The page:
How to take photos that tell stories [Newsletter Tuesday]

Newsletter Tuesdays: A series about doing more with your donor newsletter.

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Great newsletters usually have great photos. Because photos tell stories, and the big story every newsletter should tell is “Good things are happening, thanks to you!”

But not all photos do the job.

You’ve seen the “firing squad” photos: Some people are lined up against a wall and “shot.” The result boring — no story, other than They made us stand here, and some of us are not comfortable with that!

Instead, make sure every photo tells the story you want to tell. The best way to do that is to…

  • Focus on people, not things.
  • Include context that adds to the story — people in their own homes, or doing the things they do or interacting with others.
  • Keep it simple and uncrowded. One person. Maybe two or three. Rarely more.
  • Give the photos space. The best photo, if it’s the size of a postage stamp, isn’t much good.

And just don’t:

  • Photo of someone behind a desk.
  • Backs of people’s heads.
  • Photos from your gala — well-dressed people standing around with champagne.
  • The giant check ceremony. It communicates to all other donors that their gift is small.

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The future of fundraising is not about social media, online video, or SEM. It’s not about any technology, medium, or technique. It’s about donors. If you need to raise funds from donors, you need to study them, respect them, and build everything you do around them. And the future? It’s already here. More.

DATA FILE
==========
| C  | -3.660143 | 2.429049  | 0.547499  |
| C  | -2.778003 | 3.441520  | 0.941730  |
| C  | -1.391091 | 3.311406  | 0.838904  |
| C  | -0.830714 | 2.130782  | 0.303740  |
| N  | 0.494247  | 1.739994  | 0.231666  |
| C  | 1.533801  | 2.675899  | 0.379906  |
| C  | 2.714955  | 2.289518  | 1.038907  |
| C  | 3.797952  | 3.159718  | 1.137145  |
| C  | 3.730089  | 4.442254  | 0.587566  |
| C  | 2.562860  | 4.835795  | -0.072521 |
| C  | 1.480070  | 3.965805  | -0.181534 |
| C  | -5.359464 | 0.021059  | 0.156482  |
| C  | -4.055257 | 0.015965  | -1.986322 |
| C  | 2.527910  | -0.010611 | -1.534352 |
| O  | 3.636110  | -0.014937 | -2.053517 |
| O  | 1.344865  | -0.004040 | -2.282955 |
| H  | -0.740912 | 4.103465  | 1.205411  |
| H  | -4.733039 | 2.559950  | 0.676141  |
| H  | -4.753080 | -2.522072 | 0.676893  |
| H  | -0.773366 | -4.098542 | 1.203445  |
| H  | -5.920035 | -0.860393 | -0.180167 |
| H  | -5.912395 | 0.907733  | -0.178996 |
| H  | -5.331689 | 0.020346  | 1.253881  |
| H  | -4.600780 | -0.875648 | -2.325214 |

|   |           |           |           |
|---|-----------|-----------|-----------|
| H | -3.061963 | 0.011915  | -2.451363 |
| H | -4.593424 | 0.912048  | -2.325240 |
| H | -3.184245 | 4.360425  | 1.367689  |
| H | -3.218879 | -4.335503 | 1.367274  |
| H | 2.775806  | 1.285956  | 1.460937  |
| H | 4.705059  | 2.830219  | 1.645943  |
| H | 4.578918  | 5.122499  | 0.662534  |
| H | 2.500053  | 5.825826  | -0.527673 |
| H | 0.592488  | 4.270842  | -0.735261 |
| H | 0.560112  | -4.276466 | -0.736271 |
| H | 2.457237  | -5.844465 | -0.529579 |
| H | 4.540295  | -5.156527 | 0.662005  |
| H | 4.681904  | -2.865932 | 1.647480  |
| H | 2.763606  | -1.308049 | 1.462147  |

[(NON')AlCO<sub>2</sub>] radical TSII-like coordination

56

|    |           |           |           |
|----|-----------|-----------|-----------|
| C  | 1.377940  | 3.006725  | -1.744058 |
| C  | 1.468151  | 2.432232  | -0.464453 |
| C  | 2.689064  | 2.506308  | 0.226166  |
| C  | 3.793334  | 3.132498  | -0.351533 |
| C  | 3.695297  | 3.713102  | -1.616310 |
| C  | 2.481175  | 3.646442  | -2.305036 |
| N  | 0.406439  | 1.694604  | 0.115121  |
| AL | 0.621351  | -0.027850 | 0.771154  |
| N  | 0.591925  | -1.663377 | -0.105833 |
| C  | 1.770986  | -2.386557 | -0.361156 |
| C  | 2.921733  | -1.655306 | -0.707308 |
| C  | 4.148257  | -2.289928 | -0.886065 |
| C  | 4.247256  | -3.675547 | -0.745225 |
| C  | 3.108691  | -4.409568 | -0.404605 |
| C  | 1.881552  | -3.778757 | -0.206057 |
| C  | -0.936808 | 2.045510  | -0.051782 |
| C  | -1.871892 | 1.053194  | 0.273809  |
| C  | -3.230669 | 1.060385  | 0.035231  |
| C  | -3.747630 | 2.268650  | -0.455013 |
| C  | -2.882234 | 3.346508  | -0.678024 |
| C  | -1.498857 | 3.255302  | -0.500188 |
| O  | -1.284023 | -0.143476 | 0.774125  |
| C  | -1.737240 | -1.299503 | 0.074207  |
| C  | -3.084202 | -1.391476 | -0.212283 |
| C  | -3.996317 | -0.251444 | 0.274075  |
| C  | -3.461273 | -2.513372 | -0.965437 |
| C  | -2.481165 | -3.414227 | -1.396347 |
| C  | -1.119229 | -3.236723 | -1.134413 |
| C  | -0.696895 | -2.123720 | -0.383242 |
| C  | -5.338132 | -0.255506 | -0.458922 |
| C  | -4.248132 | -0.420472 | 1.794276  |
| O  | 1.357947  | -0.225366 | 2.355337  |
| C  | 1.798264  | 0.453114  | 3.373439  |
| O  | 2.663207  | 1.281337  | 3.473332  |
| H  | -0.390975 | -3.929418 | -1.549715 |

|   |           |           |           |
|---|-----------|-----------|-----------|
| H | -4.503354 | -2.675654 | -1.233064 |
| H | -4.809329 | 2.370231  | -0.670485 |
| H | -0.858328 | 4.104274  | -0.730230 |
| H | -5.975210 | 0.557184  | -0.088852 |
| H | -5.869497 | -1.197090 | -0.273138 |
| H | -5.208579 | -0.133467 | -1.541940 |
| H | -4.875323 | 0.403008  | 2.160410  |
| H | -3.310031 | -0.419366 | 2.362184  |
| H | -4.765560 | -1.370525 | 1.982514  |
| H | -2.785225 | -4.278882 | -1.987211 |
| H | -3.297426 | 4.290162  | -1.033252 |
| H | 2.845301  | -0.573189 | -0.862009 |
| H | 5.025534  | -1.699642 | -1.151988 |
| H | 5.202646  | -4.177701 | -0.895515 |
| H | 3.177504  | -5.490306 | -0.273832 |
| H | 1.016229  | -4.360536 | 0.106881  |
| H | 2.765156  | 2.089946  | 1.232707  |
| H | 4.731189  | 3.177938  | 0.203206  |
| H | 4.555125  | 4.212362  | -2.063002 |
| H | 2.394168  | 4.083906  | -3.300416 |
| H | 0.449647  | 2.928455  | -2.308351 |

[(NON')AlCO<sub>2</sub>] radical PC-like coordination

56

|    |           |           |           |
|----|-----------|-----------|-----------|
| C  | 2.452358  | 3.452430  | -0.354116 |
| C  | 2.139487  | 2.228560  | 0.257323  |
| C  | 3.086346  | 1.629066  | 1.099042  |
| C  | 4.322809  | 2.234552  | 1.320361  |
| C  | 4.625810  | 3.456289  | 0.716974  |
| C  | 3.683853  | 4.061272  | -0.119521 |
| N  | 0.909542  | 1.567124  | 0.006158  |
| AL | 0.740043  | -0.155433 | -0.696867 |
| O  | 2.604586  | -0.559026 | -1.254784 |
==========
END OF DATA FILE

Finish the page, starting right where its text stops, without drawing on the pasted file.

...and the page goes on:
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Jeff BrooksJeff Brooks has been serving the nonprofit community for more than 35 years and blogging about it since 2005. He considers fundraising the most noble of pursuits and hopes you’ll join him in that opinion. You can reach him at jeff [at] jeff-brooks [dot] com. More.


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The future of fundraising is not about social media, online video, or SEM. It’s not about any technology, medium, or technique. It’s about donors. If you need to raise funds from donors, you need to study them, respect them, and build everything you do around them. And the future? It’s already here. More.

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About the blogger

Jeff Brooks has been serving the nonprofit community for more than 30 years and blogging about it since 2005. He considers fundraising the most noble of pursuits and hopes you’ll join him in that opinion. You can reach him at jeff [at] jeff-brooks [dot] com.

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